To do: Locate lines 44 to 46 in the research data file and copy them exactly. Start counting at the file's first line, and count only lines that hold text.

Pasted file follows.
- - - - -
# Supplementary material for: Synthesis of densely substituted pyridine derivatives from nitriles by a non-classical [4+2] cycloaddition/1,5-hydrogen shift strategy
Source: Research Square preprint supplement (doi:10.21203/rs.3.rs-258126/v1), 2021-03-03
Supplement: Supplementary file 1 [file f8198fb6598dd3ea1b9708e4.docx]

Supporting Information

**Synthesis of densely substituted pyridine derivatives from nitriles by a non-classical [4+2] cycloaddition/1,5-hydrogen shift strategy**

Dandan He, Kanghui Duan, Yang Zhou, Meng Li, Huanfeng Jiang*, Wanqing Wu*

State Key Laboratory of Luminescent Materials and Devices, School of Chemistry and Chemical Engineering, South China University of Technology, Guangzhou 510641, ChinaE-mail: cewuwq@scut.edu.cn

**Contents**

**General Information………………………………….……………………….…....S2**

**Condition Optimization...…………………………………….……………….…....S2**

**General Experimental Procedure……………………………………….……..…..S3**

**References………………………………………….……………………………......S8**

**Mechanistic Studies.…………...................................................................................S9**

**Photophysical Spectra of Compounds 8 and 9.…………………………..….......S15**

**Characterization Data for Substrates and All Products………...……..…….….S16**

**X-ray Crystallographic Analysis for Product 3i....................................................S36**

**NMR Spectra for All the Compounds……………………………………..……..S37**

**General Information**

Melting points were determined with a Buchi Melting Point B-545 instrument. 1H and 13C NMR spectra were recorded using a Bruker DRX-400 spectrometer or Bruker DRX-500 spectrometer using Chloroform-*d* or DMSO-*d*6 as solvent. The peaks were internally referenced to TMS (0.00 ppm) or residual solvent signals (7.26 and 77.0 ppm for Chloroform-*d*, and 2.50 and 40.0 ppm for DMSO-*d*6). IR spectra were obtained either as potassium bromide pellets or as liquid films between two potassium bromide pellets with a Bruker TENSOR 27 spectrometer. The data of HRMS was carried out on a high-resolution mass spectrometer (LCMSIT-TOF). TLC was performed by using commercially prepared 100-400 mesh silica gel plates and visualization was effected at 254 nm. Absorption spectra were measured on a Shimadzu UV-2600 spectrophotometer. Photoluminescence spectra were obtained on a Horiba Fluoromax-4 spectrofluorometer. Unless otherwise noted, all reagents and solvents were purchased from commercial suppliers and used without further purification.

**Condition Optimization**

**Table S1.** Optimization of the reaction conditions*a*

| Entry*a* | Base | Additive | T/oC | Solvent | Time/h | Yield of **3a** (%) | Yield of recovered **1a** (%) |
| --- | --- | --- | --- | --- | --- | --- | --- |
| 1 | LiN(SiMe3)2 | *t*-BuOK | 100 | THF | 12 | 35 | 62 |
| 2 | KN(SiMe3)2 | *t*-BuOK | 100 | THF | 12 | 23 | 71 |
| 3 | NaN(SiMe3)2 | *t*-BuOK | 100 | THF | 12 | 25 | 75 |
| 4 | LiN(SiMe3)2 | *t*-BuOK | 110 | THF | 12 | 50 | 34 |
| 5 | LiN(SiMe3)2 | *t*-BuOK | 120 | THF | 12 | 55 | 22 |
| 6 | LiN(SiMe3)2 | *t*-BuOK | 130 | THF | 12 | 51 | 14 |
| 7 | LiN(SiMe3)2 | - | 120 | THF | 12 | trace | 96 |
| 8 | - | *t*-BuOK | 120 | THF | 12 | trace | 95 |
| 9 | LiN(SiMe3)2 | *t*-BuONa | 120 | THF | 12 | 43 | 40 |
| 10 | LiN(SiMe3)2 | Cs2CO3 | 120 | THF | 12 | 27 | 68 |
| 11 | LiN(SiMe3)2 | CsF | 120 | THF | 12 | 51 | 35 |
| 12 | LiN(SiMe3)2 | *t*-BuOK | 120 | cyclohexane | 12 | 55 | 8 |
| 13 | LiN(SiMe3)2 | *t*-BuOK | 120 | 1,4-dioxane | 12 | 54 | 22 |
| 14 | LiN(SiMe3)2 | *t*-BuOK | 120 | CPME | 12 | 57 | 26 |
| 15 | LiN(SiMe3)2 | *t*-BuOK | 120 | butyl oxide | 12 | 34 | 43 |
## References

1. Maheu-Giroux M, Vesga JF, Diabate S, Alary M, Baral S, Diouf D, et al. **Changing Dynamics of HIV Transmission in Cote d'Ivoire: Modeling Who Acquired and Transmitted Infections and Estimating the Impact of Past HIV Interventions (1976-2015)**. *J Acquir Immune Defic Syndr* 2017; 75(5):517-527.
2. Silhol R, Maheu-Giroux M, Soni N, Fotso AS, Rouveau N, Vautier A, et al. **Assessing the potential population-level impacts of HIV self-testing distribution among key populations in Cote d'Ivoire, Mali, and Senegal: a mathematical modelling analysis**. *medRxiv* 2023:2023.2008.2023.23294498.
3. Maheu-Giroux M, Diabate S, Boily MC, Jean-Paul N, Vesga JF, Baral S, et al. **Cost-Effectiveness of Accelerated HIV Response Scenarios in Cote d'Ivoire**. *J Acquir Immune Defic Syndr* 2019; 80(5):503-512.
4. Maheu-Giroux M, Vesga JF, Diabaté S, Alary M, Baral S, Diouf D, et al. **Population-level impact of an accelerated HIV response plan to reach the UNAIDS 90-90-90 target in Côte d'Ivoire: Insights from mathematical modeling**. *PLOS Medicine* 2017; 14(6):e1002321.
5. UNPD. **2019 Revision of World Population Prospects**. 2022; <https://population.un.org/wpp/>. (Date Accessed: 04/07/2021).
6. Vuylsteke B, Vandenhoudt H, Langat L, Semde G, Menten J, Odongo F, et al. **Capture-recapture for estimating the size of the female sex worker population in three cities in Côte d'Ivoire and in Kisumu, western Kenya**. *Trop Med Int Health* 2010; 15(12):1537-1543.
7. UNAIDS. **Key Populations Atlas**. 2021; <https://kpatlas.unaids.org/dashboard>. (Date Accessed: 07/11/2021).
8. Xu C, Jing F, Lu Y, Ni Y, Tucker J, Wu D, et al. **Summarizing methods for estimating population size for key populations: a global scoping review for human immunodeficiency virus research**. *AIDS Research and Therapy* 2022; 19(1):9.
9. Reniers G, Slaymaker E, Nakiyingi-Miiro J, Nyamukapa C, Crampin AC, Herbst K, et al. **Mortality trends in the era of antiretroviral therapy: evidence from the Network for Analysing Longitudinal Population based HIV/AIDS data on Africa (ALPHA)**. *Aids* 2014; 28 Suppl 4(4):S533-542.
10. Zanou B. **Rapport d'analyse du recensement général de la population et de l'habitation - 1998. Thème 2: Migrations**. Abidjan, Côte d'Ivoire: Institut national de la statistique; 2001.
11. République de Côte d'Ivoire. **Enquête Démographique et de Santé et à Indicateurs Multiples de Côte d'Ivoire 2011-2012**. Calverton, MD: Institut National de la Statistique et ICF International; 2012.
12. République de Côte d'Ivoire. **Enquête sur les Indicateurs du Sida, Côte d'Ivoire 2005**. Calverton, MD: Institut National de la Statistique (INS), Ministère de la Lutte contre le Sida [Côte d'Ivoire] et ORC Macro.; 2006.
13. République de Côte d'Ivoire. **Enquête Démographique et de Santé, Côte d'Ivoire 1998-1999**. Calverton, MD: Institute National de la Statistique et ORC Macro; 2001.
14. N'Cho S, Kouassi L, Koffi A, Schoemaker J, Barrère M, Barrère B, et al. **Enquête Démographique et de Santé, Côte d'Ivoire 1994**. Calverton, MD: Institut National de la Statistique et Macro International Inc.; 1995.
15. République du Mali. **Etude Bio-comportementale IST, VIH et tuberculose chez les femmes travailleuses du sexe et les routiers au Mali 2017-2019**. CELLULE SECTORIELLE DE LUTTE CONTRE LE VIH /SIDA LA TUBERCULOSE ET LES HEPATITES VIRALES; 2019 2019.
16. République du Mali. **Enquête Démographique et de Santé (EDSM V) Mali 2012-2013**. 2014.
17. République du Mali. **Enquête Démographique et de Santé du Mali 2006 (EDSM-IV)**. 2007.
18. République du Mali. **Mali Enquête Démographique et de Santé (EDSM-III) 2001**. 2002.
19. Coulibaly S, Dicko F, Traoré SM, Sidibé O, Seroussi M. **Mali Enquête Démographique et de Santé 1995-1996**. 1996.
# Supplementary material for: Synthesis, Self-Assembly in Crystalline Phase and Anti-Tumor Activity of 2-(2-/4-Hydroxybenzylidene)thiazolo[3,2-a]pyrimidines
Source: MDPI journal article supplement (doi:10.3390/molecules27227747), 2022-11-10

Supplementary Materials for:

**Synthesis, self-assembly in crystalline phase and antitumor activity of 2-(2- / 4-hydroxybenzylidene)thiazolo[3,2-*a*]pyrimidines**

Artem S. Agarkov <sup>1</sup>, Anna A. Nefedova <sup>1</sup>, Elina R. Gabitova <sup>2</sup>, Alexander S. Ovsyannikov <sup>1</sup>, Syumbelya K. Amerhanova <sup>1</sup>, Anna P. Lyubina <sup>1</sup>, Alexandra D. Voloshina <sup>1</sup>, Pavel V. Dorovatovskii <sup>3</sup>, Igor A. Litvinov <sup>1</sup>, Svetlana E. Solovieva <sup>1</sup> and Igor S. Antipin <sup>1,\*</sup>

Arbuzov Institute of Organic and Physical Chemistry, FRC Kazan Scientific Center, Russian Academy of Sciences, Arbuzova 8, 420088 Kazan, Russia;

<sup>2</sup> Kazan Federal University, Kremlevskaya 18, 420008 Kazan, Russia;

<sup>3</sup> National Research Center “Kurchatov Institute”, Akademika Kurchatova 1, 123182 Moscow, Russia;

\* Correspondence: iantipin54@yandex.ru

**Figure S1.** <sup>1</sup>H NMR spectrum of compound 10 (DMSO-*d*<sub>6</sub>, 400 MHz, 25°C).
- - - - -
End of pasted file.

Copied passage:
5. UNPD. **2019 Revision of World Population Prospects**. 2022; <https://population.un.org/wpp/>. (Date Accessed: 04/07/2021).
6. Vuylsteke B, Vandenhoudt H, Langat L, Semde G, Menten J, Odongo F, et al. **Capture-recapture for estimating the size of the female sex worker population in three cities in Côte d'Ivoire and in Kisumu, western Kenya**. *Trop Med Int Health* 2010; 15(12):1537-1543.
7. UNAIDS. **Key Populations Atlas**. 2021; <https://kpatlas.unaids.org/dashboard>. (Date Accessed: 07/11/2021).